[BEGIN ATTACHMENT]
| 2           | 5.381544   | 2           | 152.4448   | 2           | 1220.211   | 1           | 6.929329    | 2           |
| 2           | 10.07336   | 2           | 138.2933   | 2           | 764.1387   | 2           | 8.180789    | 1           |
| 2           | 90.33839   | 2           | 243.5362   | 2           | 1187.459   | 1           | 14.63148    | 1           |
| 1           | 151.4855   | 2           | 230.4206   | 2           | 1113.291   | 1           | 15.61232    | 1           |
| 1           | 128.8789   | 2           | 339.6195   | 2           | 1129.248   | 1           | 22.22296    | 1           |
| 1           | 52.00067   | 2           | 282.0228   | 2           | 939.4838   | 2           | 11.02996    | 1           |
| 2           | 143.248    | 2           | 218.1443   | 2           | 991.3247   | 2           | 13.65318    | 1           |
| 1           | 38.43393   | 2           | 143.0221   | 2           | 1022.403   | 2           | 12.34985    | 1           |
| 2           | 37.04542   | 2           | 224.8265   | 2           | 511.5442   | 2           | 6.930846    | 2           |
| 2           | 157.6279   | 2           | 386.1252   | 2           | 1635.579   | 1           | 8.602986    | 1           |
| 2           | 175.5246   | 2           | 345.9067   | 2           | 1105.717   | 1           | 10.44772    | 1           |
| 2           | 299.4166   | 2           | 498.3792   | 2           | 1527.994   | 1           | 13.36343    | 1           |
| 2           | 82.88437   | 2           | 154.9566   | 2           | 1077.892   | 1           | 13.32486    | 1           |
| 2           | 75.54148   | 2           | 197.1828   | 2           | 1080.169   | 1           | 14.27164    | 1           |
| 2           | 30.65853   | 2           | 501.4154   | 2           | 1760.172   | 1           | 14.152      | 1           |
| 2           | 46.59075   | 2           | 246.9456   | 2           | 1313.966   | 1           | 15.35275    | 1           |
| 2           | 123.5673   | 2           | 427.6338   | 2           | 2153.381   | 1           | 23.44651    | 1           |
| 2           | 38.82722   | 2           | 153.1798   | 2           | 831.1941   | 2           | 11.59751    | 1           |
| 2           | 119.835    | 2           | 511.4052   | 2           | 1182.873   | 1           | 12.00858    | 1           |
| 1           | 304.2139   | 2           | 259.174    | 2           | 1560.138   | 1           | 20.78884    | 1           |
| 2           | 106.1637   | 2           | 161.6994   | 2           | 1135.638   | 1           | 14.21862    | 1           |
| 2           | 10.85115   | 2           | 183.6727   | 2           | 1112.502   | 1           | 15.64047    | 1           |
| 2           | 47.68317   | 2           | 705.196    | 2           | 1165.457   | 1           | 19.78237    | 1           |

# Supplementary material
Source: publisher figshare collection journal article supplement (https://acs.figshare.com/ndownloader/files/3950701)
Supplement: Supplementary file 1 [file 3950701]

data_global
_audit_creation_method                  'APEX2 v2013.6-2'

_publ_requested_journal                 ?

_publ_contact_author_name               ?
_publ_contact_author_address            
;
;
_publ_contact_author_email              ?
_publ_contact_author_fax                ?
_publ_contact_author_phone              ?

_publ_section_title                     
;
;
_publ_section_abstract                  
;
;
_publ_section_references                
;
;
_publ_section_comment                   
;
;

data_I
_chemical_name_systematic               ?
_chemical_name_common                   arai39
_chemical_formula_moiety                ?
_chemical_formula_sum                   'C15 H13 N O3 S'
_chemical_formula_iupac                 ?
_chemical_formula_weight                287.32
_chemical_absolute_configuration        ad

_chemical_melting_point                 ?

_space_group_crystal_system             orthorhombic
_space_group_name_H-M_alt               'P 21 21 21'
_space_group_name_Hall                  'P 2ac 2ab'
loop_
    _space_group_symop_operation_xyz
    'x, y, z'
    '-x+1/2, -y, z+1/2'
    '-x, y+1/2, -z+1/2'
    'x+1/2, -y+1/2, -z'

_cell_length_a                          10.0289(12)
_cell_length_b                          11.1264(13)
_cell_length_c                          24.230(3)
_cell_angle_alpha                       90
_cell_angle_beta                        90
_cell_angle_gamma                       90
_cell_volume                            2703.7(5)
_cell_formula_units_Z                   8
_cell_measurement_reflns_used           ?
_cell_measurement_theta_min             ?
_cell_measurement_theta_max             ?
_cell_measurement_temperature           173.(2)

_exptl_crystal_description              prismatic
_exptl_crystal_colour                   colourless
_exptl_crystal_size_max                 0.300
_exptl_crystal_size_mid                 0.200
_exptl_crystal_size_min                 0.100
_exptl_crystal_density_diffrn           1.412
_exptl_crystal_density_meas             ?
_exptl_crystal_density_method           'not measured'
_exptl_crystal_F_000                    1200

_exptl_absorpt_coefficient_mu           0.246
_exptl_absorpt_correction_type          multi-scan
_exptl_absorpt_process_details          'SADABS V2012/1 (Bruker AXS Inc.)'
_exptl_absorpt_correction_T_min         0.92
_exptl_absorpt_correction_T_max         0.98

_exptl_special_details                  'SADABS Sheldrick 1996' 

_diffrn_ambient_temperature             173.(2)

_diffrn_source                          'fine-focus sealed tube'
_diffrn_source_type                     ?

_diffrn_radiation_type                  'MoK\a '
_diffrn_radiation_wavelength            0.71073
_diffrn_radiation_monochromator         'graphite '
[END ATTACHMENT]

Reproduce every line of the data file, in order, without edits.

| 2           | 5.381544   | 2           | 152.4448   | 2           | 1220.211   | 1           | 6.929329    | 2           |
| 2           | 10.07336   | 2           | 138.2933   | 2           | 764.1387   | 2           | 8.180789    | 1           |
| 2           | 90.33839   | 2           | 243.5362   | 2           | 1187.459   | 1           | 14.63148    | 1           |
| 1           | 151.4855   | 2           | 230.4206   | 2           | 1113.291   | 1           | 15.61232    | 1           |
| 1           | 128.8789   | 2           | 339.6195   | 2           | 1129.248   | 1           | 22.22296    | 1           |
| 1           | 52.00067   | 2           | 282.0228   | 2           | 939.4838   | 2           | 11.02996    | 1           |
| 2           | 143.248    | 2           | 218.1443   | 2           | 991.3247   | 2           | 13.65318    | 1           |
| 1           | 38.43393   | 2           | 143.0221   | 2           | 1022.403   | 2           | 12.34985    | 1           |
| 2           | 37.04542   | 2           | 224.8265   | 2           | 511.5442   | 2           | 6.930846    | 2           |
| 2           | 157.6279   | 2           | 386.1252   | 2           | 1635.579   | 1           | 8.602986    | 1           |
| 2           | 175.5246   | 2           | 345.9067   | 2           | 1105.717   | 1           | 10.44772    | 1           |
| 2           | 299.4166   | 2           | 498.3792   | 2           | 1527.994   | 1           | 13.36343    | 1           |
| 2           | 82.88437   | 2           | 154.9566   | 2           | 1077.892   | 1           | 13.32486    | 1           |
| 2           | 75.54148   | 2           | 197.1828   | 2           | 1080.169   | 1           | 14.27164    | 1           |
| 2           | 30.65853   | 2           | 501.4154   | 2           | 1760.172   | 1           | 14.152      | 1           |
| 2           | 46.59075   | 2           | 246.9456   | 2           | 1313.966   | 1           | 15.35275    | 1           |
| 2           | 123.5673   | 2           | 427.6338   | 2           | 2153.381   | 1           | 23.44651    | 1           |
| 2           | 38.82722   | 2           | 153.1798   | 2           | 831.1941   | 2           | 11.59751    | 1           |
| 2           | 119.835    | 2           | 511.4052   | 2           | 1182.873   | 1           | 12.00858    | 1           |
| 1           | 304.2139   | 2           | 259.174    | 2           | 1560.138   | 1           | 20.78884    | 1           |
| 2           | 106.1637   | 2           | 161.6994   | 2           | 1135.638   | 1           | 14.21862    | 1           |
| 2           | 10.85115   | 2           | 183.6727   | 2           | 1112.502   | 1           | 15.64047    | 1           |
| 2           | 47.68317   | 2           | 705.196    | 2           | 1165.457   | 1           | 19.78237    | 1           |

# Supplementary material
Source: publisher figshare collection journal article supplement (https://acs.figshare.com/ndownloader/files/3950701)
Supplement: Supplementary file 1 [file 3950701]

data_global
_audit_creation_method                  'APEX2 v2013.6-2'

_publ_requested_journal                 ?

_publ_contact_author_name               ?
_publ_contact_author_address            
;
;
_publ_contact_author_email              ?
_publ_contact_author_fax                ?
_publ_contact_author_phone              ?

_publ_section_title                     
;
;
_publ_section_abstract                  
;
;
_publ_section_references                
;
;
_publ_section_comment                   
;
;

data_I
_chemical_name_systematic               ?
_chemical_name_common                   arai39
_chemical_formula_moiety                ?
_chemical_formula_sum                   'C15 H13 N O3 S'
_chemical_formula_iupac                 ?
_chemical_formula_weight                287.32
_chemical_absolute_configuration        ad

_chemical_melting_point                 ?

_space_group_crystal_system             orthorhombic
_space_group_name_H-M_alt               'P 21 21 21'
_space_group_name_Hall                  'P 2ac 2ab'
loop_
    _space_group_symop_operation_xyz
    'x, y, z'
    '-x+1/2, -y, z+1/2'
    '-x, y+1/2, -z+1/2'
    'x+1/2, -y+1/2, -z'

_cell_length_a                          10.0289(12)
_cell_length_b                          11.1264(13)
_cell_length_c                          24.230(3)
_cell_angle_alpha                       90
_cell_angle_beta                        90
_cell_angle_gamma                       90
_cell_volume                            2703.7(5)
_cell_formula_units_Z                   8
_cell_measurement_reflns_used           ?
_cell_measurement_theta_min             ?
_cell_measurement_theta_max             ?
_cell_measurement_temperature           173.(2)

_exptl_crystal_description              prismatic
_exptl_crystal_colour                   colourless
_exptl_crystal_size_max                 0.300
_exptl_crystal_size_mid                 0.200
_exptl_crystal_size_min                 0.100
_exptl_crystal_density_diffrn           1.412
_exptl_crystal_density_meas             ?
_exptl_crystal_density_method           'not measured'
_exptl_crystal_F_000                    1200

_exptl_absorpt_coefficient_mu           0.246
_exptl_absorpt_correction_type          multi-scan
_exptl_absorpt_process_details          'SADABS V2012/1 (Bruker AXS Inc.)'
_exptl_absorpt_correction_T_min         0.92
_exptl_absorpt_correction_T_max         0.98

_exptl_special_details                  'SADABS Sheldrick 1996' 

_diffrn_ambient_temperature             173.(2)

_diffrn_source                          'fine-focus sealed tube'
_diffrn_source_type                     ?

_diffrn_radiation_type                  'MoK\a '
_diffrn_radiation_wavelength            0.71073
_diffrn_radiation_monochromator         'graphite '